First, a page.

Fluharty: As a parent and a teacher, I see education from both perspectives. My two sons are students in Amherst County so naturally I want them to receive a quality education and be prepared for the real world as a young adult when they graduate. An issue in which the current administration is working on is providing more opportunities to high school students to learn a trade in school and take courses that have real life applications. Not everyone is college bound and we have many tradesmen who cannot find adequately educated workers to train further.
I enjoyed being involved in theatre as a student in Amherst County schools and when my son worked with the spring musical last year, he made me aware of how lacking the facilities and resources are. We have many talented students who deserve to express their creative talents in up to date facilities and with resources they need. The Arts should be equally funded as our sports programs. The safety of our students, teachers, and staff should continue to be a focus so we can provide an environment conducive to learning. I want to see ACPS continue to be proactive in this area.
Literacy will likely always be an area that I focus on. From early literacy acquisition to early intervention and adult literacy, these are areas we need to stay on top of. It’s documented that a literate society contributes to economic growth and reduces poverty and crime. I would like to ensure that every 4-year-old has some form of preschool education, whether it’s in a public, private, or home environment. By informing the citizens of what programs are available in both ACPS and the private sector and offering resources to home school students, we can lower the number of students who enter school at a disadvantage and struggle to catch up.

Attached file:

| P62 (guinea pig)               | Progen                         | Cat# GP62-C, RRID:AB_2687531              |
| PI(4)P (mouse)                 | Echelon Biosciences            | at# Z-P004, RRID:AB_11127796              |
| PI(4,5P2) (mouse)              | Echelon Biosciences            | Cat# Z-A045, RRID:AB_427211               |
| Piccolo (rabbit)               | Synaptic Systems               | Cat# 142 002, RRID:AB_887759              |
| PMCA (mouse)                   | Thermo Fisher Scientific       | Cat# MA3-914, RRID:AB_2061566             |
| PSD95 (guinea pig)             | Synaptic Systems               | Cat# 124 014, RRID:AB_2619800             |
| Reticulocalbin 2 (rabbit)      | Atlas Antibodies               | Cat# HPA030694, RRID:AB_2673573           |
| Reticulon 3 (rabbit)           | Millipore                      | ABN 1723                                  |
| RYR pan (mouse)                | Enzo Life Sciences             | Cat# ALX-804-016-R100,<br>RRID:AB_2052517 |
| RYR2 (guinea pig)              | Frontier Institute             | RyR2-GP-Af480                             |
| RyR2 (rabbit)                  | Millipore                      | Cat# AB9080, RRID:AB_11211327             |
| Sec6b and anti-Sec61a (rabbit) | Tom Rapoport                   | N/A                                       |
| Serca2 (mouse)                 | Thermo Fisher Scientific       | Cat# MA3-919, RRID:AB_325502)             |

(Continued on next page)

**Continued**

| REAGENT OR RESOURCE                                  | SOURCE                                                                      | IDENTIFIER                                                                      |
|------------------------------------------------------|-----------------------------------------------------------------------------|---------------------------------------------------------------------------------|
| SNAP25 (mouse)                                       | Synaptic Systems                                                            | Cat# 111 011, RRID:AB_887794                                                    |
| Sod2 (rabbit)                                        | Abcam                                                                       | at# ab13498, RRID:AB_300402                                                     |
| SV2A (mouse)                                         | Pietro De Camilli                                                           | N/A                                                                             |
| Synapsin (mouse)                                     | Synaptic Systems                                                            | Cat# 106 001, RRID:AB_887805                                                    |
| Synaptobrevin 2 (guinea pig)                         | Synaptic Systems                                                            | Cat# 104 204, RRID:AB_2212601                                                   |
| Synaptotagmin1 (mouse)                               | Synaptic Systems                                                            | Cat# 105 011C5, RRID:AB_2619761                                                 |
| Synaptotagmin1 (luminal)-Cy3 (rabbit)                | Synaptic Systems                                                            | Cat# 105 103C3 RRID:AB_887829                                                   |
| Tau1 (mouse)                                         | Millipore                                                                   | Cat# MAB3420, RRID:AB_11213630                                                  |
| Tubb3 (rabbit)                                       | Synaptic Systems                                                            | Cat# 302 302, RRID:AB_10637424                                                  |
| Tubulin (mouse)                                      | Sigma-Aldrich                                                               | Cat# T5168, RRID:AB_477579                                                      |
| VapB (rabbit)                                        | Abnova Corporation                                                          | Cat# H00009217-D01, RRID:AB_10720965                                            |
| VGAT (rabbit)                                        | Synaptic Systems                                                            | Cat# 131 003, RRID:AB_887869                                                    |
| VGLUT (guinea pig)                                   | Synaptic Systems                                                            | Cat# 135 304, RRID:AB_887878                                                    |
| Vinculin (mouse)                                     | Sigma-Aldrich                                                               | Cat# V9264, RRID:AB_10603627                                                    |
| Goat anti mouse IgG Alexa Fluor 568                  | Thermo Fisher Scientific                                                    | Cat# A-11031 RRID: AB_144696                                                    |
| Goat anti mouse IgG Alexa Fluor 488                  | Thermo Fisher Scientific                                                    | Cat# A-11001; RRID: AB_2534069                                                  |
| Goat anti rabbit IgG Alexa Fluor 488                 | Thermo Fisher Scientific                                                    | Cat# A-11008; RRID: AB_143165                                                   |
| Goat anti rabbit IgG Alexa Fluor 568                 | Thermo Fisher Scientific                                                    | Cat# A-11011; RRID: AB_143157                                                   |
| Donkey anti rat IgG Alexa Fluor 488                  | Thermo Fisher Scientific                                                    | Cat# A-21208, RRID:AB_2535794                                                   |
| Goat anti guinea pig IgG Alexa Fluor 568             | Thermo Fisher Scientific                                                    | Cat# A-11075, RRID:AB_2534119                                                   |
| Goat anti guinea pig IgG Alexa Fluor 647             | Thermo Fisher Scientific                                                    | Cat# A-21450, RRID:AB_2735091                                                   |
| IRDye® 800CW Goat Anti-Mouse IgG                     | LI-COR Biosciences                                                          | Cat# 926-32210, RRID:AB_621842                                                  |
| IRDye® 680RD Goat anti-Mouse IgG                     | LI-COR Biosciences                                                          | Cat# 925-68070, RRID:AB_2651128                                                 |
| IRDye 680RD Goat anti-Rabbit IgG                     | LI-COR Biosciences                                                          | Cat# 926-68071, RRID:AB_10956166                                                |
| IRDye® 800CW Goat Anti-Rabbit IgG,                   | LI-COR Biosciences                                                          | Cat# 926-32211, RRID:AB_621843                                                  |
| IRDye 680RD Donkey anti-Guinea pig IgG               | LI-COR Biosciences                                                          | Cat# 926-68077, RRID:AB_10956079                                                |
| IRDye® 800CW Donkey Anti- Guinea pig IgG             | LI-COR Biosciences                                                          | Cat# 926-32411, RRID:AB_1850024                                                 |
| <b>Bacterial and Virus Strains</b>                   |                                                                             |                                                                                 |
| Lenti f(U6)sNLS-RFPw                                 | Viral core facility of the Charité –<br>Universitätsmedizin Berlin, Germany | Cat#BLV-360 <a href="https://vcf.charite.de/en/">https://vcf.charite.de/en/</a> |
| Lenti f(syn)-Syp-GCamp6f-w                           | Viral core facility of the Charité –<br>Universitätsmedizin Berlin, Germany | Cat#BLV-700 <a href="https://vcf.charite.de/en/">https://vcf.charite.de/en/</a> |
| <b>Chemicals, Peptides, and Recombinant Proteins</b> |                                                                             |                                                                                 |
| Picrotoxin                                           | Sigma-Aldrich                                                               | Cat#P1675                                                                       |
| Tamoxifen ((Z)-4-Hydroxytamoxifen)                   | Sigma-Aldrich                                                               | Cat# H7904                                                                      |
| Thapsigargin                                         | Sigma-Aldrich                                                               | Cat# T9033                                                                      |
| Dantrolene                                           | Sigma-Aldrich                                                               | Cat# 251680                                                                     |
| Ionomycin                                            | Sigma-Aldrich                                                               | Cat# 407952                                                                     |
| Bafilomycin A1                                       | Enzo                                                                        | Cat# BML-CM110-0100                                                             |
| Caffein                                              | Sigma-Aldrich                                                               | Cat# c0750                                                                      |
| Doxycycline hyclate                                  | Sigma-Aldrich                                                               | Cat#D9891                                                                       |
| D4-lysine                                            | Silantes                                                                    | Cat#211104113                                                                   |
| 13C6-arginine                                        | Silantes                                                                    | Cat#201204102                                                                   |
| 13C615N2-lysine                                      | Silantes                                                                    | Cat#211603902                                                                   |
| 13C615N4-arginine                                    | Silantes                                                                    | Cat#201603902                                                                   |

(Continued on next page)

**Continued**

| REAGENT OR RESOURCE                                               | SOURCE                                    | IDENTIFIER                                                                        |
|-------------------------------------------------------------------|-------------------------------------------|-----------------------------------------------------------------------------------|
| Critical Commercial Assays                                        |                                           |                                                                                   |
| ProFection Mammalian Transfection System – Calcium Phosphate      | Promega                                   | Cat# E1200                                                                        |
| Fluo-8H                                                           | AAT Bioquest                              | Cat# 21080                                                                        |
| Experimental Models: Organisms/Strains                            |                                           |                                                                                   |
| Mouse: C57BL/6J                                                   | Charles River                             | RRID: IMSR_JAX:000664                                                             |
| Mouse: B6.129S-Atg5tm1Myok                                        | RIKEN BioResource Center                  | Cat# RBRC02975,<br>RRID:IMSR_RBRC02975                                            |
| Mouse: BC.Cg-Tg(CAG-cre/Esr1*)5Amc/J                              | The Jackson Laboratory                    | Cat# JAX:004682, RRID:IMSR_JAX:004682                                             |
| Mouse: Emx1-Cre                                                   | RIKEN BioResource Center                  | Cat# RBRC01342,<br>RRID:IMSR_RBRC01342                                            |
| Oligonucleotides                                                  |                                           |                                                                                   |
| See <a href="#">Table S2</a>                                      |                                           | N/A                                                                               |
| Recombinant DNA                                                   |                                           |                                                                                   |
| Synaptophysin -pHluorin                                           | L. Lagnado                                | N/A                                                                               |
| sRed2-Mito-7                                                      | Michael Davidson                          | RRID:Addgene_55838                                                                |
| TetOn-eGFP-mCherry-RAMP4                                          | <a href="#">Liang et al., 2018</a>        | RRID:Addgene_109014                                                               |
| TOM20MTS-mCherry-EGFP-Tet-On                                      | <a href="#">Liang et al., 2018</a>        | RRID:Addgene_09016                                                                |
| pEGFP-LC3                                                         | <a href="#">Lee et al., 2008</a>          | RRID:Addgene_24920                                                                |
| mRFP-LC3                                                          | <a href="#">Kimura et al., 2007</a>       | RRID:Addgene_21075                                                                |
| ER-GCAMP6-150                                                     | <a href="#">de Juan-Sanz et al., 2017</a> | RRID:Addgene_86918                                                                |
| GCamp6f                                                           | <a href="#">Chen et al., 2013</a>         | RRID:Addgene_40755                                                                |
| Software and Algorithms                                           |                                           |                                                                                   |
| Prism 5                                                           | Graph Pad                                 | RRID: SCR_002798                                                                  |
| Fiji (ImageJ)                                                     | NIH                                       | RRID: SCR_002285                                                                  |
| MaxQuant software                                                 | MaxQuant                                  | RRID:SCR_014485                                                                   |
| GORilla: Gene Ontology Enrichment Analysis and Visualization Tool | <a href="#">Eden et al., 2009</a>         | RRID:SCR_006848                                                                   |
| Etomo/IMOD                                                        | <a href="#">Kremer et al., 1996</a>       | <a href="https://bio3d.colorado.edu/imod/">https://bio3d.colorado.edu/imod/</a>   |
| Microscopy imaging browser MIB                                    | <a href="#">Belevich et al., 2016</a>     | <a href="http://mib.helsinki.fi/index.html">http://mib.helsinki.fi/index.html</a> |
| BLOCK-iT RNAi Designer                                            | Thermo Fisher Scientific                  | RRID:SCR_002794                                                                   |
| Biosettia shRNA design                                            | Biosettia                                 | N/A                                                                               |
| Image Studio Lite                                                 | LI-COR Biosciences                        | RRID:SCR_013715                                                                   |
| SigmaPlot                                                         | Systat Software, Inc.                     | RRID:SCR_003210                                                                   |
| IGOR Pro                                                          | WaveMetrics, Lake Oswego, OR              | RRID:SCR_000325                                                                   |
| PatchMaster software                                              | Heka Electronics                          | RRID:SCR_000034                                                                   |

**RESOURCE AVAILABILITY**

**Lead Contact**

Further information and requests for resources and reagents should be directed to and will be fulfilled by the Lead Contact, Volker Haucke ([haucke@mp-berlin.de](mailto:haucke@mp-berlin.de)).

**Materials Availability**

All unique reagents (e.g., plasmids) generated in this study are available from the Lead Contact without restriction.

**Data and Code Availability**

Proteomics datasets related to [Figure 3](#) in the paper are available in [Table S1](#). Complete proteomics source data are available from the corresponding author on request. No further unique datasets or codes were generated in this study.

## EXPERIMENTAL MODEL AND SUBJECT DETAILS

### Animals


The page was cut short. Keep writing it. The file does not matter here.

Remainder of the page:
Another major issue is attracting and keeping highly qualified teachers. We have to be competitive and provide salaries and benefits that more than adequately compensates our talented, dedicated, and hardworking teachers.
Q: What do you want voters to know about you?
Burg: I love Amherst County and our schools. I want the opportunity to make sure that Amherst County families and students will always have a voice and someone in their corner creating opportunities for everyone. I’m not the stereotypical School Board member; I was that non-traditional student and I understand those challenges. As a mother of six, I understand that the schools are only part of the educational process; we must work to make sure that the home environment of our children supports their educational success. I am tenacious, fair and I will be an active advocate for our students, parents, teachers and our schools. I urge you to contact me should you have any questions.
Fluharty: Voting for me means that a person who has both experience in education and business and has a pragmatic approach to problem solving will be representing all citizens as a school board member. From the empty-nester taxpayer to the family with school-aged children to the teacher and student, I will have everyone’s best interests in mind as I work with the other members to guide ACPS into a promising and productive future.
Reach Justin Faulconer at (434) 385-5551.